For people who care about their food

Back to nature…

It can’t have escaped your notice that there’s a lot more organic food available in the shops than there was, say, 10 years ago.

A growing number of people – both consumers and food producers – are switching over to organic farming as a better way of producing the food we need. On the other hand, there are still plenty of people who are at least sceptical about the supposed benefits – and even some who say that the fuss about organic food is positively harmful to the world’s efforts to feed its ever-growing population.

We’ll be coming back to the controversy in future posts. First, though, what is organic food, and where did it spring from?

Two cows look at the cameraPut briefly, organic farming is the practice of agriculture in a way which relies as far as possible on balanced, living soil and makes as little use of artificial chemicals as possible. Genetically modified organisms are excluded; the routine dosing of animals with drugs, antibiotics and wormers is avoided; and only a very few artificial pesticides and fertilisers are allowed. Instead, organic farmers use crop rotation and other natural means to keep the soil fertile and healthy.



So when did it all start?

The answer lies in the early twentieth century. The growth of mechanised farming and the increased use of chemical inputs into agriculture (notably the development of ammonia-based fertilisers at about the time of the First World War) meant that large-scale, “industrial” farming became possible. But not everyone was convinced that this was a good thing. Even in the 1920s agriculturalists such as Sir Albert Howard in India and Rudolf Steiner in Germany argued that farmers were responsible for maintaining a natural and healthy balance between the soil, the plants that grew in it, and the wild animals who relied on those plants as their habitat.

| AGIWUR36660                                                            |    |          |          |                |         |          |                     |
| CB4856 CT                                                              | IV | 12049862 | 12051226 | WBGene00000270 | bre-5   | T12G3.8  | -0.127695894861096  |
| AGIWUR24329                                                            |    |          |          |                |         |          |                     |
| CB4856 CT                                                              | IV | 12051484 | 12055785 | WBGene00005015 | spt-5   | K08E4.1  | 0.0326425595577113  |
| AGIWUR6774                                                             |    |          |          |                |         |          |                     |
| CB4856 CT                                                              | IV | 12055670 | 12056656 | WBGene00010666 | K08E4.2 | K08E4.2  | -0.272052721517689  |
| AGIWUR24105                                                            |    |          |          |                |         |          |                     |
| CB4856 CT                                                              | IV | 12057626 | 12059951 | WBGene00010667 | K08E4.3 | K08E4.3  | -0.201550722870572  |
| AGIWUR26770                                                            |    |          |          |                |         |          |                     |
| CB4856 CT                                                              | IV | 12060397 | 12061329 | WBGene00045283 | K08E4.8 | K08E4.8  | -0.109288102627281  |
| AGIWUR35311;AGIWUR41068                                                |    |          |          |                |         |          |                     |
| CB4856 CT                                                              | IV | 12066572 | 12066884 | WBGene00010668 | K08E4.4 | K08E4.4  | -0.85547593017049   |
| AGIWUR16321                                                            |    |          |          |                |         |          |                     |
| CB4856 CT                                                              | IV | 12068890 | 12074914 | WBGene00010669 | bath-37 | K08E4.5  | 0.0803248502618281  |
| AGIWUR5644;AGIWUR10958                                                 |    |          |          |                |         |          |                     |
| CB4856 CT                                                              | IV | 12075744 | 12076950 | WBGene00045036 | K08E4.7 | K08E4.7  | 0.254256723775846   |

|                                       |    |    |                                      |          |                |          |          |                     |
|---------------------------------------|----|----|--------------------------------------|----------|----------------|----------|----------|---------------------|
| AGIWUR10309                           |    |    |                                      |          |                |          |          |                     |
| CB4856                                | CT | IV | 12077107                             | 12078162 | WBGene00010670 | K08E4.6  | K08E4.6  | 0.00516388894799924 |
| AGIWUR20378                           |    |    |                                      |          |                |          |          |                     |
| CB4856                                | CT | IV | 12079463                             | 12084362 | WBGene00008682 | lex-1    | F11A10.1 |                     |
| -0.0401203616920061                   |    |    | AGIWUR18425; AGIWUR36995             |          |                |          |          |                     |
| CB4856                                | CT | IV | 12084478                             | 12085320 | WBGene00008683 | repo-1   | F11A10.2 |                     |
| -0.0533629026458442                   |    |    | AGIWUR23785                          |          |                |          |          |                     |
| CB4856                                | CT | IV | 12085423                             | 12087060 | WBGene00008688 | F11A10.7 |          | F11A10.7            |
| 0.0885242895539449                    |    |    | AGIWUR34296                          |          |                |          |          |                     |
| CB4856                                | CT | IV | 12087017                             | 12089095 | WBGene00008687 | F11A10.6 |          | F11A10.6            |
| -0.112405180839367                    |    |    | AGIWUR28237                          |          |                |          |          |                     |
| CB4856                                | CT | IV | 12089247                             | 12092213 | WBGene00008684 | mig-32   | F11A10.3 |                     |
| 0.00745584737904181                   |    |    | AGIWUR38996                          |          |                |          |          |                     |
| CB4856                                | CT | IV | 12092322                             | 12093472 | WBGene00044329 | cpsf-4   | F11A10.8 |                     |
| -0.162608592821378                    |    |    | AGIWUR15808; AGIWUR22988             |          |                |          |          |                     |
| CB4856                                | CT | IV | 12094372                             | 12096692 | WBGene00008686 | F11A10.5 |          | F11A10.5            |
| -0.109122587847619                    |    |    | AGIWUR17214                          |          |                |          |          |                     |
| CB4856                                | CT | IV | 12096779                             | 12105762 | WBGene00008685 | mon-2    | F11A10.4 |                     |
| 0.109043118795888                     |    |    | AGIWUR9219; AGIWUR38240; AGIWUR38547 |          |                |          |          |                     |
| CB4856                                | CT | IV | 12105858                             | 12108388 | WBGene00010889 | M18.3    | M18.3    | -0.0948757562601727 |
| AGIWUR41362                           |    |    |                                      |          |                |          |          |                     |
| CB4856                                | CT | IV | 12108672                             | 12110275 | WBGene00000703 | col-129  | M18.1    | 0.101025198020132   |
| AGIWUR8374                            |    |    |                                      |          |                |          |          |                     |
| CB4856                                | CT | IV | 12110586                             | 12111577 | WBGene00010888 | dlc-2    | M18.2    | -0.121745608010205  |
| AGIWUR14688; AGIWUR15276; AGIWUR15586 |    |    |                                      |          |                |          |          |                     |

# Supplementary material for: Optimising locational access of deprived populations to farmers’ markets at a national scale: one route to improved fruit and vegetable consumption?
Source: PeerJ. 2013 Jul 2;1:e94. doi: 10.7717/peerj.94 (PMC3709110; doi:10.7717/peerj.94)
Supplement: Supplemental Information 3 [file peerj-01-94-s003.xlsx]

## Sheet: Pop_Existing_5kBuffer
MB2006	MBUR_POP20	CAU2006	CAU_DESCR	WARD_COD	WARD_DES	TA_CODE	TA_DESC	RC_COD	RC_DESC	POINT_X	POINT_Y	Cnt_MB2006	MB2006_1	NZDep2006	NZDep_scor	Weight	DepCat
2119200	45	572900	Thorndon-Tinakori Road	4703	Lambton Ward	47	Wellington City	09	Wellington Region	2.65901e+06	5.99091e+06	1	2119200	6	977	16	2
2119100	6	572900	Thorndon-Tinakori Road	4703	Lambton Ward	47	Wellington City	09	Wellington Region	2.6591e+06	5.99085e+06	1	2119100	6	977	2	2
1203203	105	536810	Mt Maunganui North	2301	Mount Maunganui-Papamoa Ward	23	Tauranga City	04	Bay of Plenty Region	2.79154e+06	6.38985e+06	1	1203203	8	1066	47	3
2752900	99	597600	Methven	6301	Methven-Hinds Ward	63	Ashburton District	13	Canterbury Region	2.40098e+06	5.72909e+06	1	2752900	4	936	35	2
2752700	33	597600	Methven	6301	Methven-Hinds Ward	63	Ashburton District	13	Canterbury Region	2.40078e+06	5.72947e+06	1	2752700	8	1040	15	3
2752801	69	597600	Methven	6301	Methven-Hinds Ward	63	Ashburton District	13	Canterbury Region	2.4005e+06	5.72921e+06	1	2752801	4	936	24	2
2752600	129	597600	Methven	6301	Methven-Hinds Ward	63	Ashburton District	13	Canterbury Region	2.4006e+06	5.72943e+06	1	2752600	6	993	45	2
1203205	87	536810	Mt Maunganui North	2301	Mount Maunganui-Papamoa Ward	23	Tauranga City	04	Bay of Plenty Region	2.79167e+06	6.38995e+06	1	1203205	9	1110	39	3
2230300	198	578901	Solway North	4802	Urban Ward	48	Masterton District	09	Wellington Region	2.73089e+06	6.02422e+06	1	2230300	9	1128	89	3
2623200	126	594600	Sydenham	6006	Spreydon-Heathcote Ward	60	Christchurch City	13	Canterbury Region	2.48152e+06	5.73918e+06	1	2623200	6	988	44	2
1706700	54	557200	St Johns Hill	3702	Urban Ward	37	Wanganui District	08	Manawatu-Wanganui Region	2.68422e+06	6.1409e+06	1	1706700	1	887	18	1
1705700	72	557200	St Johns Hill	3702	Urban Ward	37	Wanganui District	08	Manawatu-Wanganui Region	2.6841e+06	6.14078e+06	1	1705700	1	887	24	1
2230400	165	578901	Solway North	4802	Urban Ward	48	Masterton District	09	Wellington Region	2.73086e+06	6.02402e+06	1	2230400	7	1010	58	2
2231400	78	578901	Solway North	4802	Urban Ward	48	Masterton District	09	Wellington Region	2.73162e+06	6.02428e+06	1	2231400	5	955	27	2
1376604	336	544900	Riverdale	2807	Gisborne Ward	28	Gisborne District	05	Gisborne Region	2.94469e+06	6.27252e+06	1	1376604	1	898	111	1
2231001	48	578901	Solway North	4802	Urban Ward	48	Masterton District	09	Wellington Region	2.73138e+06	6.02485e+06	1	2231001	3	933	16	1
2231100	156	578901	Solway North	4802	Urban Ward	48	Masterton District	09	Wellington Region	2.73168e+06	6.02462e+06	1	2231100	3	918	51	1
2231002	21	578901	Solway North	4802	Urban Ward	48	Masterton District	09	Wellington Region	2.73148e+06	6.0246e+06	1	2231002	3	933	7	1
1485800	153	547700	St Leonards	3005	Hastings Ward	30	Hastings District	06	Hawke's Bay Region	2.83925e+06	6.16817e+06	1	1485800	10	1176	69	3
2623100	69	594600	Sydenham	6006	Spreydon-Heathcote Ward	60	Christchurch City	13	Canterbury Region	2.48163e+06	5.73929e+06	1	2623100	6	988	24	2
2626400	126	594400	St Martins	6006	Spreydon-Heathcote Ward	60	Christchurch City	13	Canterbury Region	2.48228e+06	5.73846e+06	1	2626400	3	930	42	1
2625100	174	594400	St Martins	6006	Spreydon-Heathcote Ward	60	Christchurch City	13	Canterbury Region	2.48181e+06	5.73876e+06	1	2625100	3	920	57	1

After the Second World War the use of chemicals in agriculture continued to rise, boosted in part by the application of wartime chemicals for peaceful purposes. The “Green Revolution” in Mexico – in which heavy use of irrigation, hybrid plants developed for high yields, mechanisation and chemical inputs led to a massive rise in food production, was hailed as a model for the developing world to follow.

But in 1962 Rachel Carson’s book Silent Spring, documenting the disastrous effect of DDT and other pesticides on wildlife, drew widespread attention to the potential risks of the use of so many chemicals. In the meantime organisations to promote organic farming had sprung up in several countries, including the United Kingdom’s Soil Association in 1946.

Environmental awareness continued to grow through the closing decades of the century. While organic farming was unusual enough to be the theme of a sitcom in the BBC’sThe Good Life in the Seventies, by 1991 it was mainstream enough to be the subject of European Commission regulation. Since 1993, when the regulation setting down standards for organic produce came into force, food sold in the EU that claims to be organic has to be independently certified as meeting those standards.

Organic produce is now big business in the UK, with sales worth around £2bn in 2006. 70% of the baby food market is organic.

But how much hard science underlies the belief that it’s somehow “better”; and how much of it is just hype? There are plenty of people around who argue that the whole movement’s misguided and that the arguments in favour of organic produce are flawed. We’ll be looking at this debate soon.

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